I'm kind of a morbid girl, in that I love old cemeteries. However, morbidity has nothing to do with the fact that there are certain gravesites I would love to visit. From actors to writers to artists, there are just some people to whom I would love to pay homage. Here are the top 8 gravesites of famous people I would absolutely love to visit someday.
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Humphrey Bogart is one of my all time favorite actors. He was just the epitome of the rugged, serious, suave male. The subtle humor you see in his acting still makes me pretty weak in the knees. It wouldn't be too hard to pay a visit to his grave, either. He's interred in Forest Lawn Memorial Park, which is located in Glendale, California.
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Val Kilmer is actually responsible for starting my ongoing obsession with card shark Doc Holliday. His drawl of such lines as, “I'm your huckleberry” and “You're a daisy if ya do,” probably weren't accurate but they still launched a love affair that led me to devouring every possible bit of information about John Henry Holliday, who was once upon a time a dentist. A tubercular sometimes-gunfighter, he's buried in Glenwood Springs, Colorado, at the Pioneer Cemetery.
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Oh, my dear Mr. Wilde. If I see no other gravesite on this list, I will see Oscar Wilde's. He is buried in the Pere Lachaise cemetery in my beloved Paris, after first being interred in the Bagneaux Cemetery. His plot there was allegedly only temporarily available – it was a lease, if you will. I long to pay my respects to Oscar, however, and might add my lip prints onto his tomb – which is joined by the earthly remains of Robert Ross, his longtime, very close friend.
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Lord Byron, one of the Romantics, is one of my top favorite poets (along with #5), so a visit to his grave would be like the penultimate honor for me. Actually, it might be necessary to two places, because his heart is buried in Greece – at Missolonghi, to be exact. Knowing how he felt about the country, he's likely very happy with that. The remainder of his remains are located beneath St. Mary Magdalene's chancel in Nottinghamshire, England, at Huchnall-Torkard.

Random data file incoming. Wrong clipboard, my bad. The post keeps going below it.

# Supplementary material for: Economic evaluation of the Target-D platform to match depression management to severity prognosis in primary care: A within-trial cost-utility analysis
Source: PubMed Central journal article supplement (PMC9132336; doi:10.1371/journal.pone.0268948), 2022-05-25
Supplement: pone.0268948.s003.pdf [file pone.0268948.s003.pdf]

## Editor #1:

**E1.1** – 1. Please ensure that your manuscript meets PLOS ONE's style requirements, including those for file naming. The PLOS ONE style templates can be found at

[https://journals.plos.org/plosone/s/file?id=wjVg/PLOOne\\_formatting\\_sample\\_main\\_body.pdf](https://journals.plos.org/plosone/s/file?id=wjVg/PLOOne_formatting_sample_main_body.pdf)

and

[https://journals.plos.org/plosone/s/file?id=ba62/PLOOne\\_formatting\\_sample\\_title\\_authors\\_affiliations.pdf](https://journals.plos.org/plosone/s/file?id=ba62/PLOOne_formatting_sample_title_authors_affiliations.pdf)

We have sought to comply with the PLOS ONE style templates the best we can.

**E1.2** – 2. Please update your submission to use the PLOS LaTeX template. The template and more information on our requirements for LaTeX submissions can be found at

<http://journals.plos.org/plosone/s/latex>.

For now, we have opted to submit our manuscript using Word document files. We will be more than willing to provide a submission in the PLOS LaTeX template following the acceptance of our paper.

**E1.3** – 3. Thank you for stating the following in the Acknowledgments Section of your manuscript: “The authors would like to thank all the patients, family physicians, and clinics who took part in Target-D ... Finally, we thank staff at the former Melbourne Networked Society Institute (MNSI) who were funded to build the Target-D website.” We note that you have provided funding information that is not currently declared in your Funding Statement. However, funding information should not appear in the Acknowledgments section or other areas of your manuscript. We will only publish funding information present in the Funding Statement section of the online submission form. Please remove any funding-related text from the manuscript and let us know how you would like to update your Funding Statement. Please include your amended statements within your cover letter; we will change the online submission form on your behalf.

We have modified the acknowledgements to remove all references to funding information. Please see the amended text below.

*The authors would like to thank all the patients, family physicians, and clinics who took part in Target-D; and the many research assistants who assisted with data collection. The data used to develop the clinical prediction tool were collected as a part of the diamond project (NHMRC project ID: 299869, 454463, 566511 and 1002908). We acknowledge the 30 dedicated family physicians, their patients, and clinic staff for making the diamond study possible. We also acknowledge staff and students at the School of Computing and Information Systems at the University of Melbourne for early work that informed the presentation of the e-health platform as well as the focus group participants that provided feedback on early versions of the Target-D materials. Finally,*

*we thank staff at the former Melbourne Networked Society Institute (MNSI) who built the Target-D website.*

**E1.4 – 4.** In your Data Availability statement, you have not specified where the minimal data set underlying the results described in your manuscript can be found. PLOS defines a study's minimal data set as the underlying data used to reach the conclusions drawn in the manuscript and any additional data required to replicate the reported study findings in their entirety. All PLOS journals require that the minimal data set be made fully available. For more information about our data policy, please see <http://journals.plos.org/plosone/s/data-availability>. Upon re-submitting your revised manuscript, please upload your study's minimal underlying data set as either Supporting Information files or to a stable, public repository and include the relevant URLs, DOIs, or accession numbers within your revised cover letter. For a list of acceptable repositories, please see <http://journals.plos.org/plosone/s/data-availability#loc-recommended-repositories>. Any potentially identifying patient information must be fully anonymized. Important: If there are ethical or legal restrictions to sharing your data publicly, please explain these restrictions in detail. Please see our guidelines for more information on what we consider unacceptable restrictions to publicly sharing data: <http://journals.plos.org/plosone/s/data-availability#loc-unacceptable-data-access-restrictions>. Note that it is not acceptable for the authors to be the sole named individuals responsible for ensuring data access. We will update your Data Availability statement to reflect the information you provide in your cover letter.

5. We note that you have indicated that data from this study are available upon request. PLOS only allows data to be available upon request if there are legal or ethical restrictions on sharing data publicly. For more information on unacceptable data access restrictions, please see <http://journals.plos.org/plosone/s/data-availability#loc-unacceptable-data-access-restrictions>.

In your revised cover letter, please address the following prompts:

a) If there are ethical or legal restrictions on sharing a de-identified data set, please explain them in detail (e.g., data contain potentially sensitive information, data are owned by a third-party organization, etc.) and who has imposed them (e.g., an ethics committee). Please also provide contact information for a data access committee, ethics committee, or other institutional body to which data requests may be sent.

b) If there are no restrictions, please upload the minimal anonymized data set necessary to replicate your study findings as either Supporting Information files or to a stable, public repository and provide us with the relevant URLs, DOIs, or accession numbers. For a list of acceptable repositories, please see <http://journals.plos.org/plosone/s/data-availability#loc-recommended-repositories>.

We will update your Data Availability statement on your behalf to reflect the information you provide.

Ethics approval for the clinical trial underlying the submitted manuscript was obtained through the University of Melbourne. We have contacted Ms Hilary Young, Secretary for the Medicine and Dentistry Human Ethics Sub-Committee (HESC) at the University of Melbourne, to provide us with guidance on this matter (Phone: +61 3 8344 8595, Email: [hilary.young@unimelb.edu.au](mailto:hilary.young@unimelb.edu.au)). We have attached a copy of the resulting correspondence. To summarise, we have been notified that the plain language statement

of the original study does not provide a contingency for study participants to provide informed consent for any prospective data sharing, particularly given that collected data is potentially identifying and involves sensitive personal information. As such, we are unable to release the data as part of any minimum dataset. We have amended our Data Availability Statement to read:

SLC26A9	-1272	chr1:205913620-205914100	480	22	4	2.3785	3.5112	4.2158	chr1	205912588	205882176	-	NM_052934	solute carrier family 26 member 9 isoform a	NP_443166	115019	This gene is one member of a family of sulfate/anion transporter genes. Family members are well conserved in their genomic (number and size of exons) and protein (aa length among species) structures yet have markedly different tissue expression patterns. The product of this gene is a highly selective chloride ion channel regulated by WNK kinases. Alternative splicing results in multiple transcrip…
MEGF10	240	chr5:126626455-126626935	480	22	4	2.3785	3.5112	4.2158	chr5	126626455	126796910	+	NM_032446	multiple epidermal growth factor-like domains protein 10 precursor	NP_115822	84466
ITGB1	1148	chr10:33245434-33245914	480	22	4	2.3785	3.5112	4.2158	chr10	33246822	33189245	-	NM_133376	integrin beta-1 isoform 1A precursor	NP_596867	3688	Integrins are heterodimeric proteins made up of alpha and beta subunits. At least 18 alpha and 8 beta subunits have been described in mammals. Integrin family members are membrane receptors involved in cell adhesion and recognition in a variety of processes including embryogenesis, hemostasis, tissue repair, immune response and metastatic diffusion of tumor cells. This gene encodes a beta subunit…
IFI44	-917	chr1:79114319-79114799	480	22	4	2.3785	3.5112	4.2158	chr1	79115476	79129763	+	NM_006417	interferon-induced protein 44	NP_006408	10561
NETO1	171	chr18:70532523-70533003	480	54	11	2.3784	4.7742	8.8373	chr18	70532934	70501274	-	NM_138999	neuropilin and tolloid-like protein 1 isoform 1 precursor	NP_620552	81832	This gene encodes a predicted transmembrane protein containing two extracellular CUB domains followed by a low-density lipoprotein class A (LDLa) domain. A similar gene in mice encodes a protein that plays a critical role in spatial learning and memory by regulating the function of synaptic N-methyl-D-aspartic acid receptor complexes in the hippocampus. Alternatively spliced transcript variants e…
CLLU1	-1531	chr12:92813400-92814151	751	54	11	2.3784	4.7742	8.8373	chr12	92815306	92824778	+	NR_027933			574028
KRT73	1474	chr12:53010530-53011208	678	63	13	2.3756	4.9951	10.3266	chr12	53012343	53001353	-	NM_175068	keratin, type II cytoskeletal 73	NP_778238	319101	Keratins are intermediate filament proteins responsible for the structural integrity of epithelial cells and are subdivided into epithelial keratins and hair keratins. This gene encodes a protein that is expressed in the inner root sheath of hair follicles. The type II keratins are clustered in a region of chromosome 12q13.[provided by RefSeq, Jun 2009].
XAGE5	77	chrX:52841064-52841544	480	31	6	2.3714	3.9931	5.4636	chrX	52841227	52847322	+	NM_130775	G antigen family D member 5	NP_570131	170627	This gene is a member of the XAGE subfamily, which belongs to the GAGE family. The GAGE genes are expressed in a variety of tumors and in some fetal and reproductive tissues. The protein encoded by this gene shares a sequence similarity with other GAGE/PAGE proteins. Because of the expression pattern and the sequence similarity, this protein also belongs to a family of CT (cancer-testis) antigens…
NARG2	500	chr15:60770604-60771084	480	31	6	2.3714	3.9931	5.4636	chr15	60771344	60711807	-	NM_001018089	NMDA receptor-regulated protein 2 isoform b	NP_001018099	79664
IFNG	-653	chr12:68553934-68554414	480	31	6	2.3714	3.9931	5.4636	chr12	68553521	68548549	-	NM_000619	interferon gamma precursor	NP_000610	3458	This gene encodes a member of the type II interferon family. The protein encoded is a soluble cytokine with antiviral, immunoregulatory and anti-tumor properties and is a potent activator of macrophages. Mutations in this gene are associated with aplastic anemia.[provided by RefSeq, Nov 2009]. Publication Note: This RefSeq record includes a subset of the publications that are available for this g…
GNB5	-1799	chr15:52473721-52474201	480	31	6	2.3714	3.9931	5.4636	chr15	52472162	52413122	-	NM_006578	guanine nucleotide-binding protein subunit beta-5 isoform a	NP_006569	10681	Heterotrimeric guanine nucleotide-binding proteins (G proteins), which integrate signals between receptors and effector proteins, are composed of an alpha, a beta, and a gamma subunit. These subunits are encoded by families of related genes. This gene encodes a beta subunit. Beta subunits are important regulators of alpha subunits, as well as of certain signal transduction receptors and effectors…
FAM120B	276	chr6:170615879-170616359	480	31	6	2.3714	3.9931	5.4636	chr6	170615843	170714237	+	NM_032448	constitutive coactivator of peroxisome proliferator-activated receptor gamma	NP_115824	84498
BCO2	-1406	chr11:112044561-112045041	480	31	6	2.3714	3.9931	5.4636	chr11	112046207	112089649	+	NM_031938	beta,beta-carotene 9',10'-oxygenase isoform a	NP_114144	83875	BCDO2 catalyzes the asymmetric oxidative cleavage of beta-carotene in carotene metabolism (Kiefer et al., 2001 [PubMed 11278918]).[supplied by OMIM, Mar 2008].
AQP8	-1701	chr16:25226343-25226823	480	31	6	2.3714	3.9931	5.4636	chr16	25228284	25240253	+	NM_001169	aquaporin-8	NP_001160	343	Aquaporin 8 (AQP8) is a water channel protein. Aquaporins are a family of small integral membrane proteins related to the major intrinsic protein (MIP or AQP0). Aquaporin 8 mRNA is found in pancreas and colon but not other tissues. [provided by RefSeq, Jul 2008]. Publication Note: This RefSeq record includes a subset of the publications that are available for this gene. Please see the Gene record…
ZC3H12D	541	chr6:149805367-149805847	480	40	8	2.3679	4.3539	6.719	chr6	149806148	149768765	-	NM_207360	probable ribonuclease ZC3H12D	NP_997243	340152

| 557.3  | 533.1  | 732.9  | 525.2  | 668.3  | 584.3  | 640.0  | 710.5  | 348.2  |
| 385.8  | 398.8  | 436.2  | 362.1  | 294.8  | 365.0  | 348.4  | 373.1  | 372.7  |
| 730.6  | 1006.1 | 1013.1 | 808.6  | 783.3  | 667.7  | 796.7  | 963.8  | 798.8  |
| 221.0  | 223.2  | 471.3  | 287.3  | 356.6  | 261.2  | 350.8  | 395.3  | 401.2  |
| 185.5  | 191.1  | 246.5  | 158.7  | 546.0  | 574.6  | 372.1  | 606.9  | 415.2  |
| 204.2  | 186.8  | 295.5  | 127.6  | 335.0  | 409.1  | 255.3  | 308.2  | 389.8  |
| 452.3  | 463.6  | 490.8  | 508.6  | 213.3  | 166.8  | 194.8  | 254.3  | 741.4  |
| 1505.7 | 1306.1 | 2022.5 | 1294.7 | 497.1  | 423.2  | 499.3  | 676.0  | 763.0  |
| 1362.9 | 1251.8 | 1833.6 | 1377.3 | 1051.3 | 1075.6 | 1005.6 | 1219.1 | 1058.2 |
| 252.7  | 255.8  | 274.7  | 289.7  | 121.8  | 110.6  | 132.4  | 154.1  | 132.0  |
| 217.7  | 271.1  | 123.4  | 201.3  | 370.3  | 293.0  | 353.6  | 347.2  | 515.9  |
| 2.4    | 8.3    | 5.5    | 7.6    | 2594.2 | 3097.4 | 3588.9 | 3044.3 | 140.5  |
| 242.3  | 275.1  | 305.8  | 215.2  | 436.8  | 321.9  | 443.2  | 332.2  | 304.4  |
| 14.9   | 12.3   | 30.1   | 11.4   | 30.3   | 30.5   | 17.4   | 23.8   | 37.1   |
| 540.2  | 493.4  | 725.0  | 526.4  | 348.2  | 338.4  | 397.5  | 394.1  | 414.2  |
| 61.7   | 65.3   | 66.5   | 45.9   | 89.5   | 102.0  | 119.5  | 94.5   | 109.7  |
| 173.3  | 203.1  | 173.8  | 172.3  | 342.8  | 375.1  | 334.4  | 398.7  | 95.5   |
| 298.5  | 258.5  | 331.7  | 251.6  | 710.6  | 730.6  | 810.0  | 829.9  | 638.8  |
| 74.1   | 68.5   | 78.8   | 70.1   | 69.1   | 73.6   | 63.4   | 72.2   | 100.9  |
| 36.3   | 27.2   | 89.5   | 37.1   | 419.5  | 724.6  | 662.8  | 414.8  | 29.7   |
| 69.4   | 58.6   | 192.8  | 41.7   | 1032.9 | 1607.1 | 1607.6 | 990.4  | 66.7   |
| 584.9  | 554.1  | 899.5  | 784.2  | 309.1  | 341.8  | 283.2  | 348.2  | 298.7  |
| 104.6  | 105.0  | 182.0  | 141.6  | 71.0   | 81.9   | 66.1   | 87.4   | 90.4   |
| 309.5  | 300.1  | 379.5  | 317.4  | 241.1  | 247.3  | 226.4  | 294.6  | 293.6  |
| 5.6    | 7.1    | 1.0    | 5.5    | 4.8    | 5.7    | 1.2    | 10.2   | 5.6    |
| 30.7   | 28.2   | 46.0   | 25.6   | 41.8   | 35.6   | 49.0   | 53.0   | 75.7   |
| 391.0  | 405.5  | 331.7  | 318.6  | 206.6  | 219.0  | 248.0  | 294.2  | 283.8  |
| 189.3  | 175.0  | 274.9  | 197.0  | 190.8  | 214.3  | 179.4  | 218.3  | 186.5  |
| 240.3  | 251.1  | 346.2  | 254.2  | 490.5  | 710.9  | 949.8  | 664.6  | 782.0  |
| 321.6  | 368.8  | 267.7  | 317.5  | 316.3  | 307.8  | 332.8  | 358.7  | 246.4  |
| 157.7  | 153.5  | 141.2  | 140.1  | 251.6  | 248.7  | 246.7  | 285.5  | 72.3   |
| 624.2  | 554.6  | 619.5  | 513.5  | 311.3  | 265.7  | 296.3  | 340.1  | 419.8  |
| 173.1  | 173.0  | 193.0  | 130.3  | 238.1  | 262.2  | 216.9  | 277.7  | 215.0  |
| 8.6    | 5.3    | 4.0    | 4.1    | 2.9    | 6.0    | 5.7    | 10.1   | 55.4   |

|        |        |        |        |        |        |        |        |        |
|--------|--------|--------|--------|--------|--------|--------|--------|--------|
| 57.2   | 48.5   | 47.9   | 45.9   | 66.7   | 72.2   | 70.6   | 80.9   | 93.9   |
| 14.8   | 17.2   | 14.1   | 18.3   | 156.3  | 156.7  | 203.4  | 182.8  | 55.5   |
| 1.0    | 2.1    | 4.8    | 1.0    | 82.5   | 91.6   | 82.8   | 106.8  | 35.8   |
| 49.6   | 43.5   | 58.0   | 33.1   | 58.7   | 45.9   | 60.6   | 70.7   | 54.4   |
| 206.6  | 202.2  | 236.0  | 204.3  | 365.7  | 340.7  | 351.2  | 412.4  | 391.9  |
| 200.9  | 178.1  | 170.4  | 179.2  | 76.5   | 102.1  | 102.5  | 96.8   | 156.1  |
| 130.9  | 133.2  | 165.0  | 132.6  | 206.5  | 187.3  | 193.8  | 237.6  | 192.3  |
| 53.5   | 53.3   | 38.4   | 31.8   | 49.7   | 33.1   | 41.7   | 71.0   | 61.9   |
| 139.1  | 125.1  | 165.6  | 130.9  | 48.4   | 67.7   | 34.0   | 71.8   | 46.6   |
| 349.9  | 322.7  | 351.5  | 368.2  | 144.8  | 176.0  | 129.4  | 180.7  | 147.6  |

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John Keats always felt he was going to die young, and actually carried on an incredibly beautiful romance with the whole idea of death. His poetry was almost universally misunderstood at the time, though now he is praised as one of the Romantics. He, too, died of tuberculosis, when he was only 25. Keats expired in Rome and there he is burried, at Campo Cestio in Lazio.
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Sylvia Plath's life was inarguably tragic, beginning with the death of her dad when she was only 8. Her death by suicide has become notorious, and sadly it sometimes overshadows her delicately wild genius and her soul wrenching poetry. I do not forget those things, however, and long to visit her grave at St. Thomas a Beckett and St. Thomas the Apostle Church at Heptonstall in West Yorkshire, England.
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Marlene Dietrich is my favorite actress of all time. Her androgynous style and her comfort with it has always been incredibly inspiring to me. As well, I've always thought her to be the epitome of elegance and sleek, chic sophistication. I would love to visit her gravesite in Berlin.
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Of course I have to visit Shakespeare's grave. His tomb is located at Stratford-upon-Avon, which itself is located in Warwickshire, England. It is in the Holy Trinity Churchyard and it is one of the most visited sites in the world. That's not so surprising, considering his contributions to literature, the theatre, and the idea of Romeo and Juliet sort of love stories.
These are definitely my top choices. I really hope that I can visit every single site some day, just to pay my respects to people who were so monumental in my life even after their deaths. Who inspires you, and would you like to pay homage to them?
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